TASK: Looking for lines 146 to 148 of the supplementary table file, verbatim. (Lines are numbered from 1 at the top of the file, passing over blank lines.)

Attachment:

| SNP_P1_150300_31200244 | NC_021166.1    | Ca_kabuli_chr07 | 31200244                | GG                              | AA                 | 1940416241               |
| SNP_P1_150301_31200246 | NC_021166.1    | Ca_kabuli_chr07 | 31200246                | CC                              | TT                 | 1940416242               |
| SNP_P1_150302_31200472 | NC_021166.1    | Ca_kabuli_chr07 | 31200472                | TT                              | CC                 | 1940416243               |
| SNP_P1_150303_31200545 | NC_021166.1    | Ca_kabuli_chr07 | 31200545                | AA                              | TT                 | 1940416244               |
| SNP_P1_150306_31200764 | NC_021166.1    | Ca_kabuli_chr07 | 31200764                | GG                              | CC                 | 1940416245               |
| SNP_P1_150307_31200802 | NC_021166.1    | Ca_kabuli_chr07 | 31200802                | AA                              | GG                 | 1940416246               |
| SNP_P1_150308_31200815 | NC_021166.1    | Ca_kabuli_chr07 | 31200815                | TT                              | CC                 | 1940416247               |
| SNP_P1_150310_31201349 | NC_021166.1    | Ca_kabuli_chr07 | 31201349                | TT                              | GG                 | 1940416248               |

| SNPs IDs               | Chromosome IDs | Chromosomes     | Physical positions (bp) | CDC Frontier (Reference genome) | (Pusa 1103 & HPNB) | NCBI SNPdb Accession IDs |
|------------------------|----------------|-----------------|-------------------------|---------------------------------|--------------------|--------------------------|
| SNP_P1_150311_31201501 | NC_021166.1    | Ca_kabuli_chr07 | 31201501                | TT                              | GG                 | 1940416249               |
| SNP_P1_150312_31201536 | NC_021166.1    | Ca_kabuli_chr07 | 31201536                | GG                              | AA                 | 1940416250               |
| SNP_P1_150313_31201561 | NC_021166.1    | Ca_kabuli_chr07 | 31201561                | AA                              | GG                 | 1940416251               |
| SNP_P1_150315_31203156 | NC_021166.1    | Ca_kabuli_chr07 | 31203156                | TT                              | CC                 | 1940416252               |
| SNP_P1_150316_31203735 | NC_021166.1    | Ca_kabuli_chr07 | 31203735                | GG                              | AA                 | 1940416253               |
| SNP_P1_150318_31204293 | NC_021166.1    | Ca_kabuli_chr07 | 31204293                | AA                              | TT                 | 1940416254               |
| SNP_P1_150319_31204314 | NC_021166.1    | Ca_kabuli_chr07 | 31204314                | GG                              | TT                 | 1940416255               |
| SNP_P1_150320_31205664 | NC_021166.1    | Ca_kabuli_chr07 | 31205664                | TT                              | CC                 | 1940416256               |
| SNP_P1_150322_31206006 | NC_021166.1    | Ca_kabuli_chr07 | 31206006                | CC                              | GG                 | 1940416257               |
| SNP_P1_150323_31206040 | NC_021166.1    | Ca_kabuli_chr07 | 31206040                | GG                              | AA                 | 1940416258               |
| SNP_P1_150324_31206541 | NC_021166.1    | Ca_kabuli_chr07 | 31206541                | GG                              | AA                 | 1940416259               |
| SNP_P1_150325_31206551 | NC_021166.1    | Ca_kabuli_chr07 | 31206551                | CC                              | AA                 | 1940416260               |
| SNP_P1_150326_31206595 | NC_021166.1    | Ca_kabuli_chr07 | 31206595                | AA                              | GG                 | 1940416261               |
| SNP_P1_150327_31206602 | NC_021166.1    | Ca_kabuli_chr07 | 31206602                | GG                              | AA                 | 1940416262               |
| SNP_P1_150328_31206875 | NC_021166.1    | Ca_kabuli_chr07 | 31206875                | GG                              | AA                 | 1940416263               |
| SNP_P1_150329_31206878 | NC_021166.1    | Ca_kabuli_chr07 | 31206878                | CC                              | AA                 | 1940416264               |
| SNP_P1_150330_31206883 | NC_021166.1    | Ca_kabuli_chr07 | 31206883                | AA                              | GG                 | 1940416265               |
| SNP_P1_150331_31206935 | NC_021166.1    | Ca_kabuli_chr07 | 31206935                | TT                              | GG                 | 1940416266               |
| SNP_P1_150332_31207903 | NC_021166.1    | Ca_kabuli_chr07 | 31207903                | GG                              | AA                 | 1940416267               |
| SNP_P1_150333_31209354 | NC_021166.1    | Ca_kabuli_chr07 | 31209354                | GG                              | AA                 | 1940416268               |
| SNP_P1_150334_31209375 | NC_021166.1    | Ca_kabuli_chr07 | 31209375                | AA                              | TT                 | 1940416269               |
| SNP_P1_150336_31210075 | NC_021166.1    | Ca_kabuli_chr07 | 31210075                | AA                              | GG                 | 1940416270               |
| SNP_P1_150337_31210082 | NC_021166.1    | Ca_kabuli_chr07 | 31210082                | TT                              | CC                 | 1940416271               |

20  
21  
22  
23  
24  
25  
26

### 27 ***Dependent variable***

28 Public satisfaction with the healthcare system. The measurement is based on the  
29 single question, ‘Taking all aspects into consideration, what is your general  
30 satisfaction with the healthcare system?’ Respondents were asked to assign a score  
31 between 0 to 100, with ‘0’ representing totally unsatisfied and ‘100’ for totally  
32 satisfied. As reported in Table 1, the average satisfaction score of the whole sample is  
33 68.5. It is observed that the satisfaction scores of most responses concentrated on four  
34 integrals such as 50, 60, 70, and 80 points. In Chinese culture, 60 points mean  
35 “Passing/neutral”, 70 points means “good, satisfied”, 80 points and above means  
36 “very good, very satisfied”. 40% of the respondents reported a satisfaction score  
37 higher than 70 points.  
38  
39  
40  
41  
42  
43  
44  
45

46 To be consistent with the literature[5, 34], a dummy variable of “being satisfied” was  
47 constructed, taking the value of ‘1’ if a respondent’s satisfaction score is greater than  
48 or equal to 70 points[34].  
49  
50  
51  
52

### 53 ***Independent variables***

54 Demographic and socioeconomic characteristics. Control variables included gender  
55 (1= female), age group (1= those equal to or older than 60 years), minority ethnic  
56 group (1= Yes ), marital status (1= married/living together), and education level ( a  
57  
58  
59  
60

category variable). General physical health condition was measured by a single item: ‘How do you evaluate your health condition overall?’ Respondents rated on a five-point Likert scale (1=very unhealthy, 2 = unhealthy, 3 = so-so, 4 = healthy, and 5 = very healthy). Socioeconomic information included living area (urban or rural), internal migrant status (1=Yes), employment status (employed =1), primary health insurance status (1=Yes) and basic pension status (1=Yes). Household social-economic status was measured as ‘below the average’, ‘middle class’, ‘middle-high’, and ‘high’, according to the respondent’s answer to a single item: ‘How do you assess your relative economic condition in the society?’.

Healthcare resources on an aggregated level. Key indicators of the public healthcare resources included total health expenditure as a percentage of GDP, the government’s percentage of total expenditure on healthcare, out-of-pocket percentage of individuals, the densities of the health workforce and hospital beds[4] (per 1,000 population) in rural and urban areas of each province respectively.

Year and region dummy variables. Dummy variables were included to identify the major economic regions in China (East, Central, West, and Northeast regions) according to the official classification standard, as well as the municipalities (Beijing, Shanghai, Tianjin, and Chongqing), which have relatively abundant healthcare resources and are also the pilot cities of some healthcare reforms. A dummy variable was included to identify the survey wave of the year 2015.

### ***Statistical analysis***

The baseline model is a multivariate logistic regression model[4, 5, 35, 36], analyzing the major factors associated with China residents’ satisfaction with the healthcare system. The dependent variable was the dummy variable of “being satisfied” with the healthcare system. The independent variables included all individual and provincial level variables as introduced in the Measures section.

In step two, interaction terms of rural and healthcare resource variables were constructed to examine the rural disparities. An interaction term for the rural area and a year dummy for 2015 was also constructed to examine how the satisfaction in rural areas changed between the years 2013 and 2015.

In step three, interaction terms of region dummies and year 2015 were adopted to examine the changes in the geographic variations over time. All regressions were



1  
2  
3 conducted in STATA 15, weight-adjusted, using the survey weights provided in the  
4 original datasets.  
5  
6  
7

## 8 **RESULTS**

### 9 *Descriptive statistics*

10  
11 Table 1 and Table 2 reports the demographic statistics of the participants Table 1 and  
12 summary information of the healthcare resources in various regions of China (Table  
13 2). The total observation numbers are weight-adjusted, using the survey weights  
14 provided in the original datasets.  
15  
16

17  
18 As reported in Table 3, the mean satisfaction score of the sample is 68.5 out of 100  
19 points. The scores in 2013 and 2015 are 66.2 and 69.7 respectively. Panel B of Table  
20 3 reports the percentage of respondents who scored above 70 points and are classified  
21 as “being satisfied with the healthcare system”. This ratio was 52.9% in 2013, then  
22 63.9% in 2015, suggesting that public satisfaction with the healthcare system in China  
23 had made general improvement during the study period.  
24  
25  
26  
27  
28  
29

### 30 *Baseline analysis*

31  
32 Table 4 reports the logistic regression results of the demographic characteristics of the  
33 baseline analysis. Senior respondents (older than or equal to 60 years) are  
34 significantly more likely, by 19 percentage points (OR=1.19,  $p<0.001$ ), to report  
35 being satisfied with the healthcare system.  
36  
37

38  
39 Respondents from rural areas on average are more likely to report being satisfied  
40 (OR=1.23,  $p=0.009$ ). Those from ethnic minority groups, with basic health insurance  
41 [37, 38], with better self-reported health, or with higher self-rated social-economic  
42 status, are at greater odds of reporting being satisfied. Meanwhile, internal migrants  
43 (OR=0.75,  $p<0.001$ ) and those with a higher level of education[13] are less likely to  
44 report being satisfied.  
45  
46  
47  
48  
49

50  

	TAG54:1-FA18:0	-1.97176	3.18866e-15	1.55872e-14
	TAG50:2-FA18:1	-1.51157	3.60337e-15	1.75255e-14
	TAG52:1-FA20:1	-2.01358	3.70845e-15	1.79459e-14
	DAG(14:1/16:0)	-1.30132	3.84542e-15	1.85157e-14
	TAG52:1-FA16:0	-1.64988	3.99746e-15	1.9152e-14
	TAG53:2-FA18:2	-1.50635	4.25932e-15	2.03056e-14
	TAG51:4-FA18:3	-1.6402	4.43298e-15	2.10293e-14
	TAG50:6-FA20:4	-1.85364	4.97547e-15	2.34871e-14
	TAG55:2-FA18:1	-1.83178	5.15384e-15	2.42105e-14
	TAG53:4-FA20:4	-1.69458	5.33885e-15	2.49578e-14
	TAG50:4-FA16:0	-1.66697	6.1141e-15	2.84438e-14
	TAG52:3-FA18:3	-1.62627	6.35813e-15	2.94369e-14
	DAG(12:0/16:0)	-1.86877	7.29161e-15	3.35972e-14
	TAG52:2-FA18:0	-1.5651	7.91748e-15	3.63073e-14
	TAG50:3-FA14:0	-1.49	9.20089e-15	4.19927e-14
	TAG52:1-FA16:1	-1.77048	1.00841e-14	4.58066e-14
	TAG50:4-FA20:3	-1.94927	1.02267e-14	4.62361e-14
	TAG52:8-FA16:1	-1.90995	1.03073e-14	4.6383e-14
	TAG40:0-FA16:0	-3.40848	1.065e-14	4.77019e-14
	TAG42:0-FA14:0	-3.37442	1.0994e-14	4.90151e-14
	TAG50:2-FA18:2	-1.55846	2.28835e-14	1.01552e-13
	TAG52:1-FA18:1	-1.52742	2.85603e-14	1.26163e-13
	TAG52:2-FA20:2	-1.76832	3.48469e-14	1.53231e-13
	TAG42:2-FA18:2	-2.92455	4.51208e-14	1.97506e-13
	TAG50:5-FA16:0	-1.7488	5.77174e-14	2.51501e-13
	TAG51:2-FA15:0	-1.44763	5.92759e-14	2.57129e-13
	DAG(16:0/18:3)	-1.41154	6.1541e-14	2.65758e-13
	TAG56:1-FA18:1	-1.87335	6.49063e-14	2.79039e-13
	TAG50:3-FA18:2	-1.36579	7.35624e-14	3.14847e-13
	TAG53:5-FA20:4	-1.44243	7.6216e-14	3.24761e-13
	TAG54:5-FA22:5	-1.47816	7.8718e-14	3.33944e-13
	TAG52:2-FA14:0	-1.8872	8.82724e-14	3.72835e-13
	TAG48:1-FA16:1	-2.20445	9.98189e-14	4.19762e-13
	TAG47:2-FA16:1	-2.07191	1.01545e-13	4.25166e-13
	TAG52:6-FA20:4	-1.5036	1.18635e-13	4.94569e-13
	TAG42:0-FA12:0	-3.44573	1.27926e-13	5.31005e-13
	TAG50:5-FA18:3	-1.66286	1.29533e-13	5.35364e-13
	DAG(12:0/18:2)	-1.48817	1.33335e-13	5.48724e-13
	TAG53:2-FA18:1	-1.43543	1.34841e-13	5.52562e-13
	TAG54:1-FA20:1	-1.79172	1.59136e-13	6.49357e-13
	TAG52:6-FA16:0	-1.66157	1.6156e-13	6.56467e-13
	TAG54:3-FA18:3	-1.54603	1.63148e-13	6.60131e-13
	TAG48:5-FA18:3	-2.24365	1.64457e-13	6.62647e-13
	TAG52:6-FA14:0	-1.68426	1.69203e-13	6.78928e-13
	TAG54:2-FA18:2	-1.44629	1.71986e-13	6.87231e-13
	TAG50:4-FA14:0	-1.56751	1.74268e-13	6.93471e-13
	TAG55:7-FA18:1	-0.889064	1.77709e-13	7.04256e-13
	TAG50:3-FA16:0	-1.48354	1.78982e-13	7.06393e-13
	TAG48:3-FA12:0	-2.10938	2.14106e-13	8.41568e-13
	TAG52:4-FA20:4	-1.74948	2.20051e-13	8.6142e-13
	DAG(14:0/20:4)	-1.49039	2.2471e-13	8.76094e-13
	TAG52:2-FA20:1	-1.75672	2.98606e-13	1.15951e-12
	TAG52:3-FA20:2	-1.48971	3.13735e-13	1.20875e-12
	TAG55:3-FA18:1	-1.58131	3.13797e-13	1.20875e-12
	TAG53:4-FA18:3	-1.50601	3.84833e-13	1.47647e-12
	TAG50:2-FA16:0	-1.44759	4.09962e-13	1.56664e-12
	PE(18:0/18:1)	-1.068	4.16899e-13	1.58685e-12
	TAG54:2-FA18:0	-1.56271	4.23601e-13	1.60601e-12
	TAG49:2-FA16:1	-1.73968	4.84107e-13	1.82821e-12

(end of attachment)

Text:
	TAG50:3-FA14:0	-1.49	9.20089e-15	4.19927e-14
	TAG52:1-FA16:1	-1.77048	1.00841e-14	4.58066e-14
	TAG50:4-FA20:3	-1.94927	1.02267e-14	4.62361e-14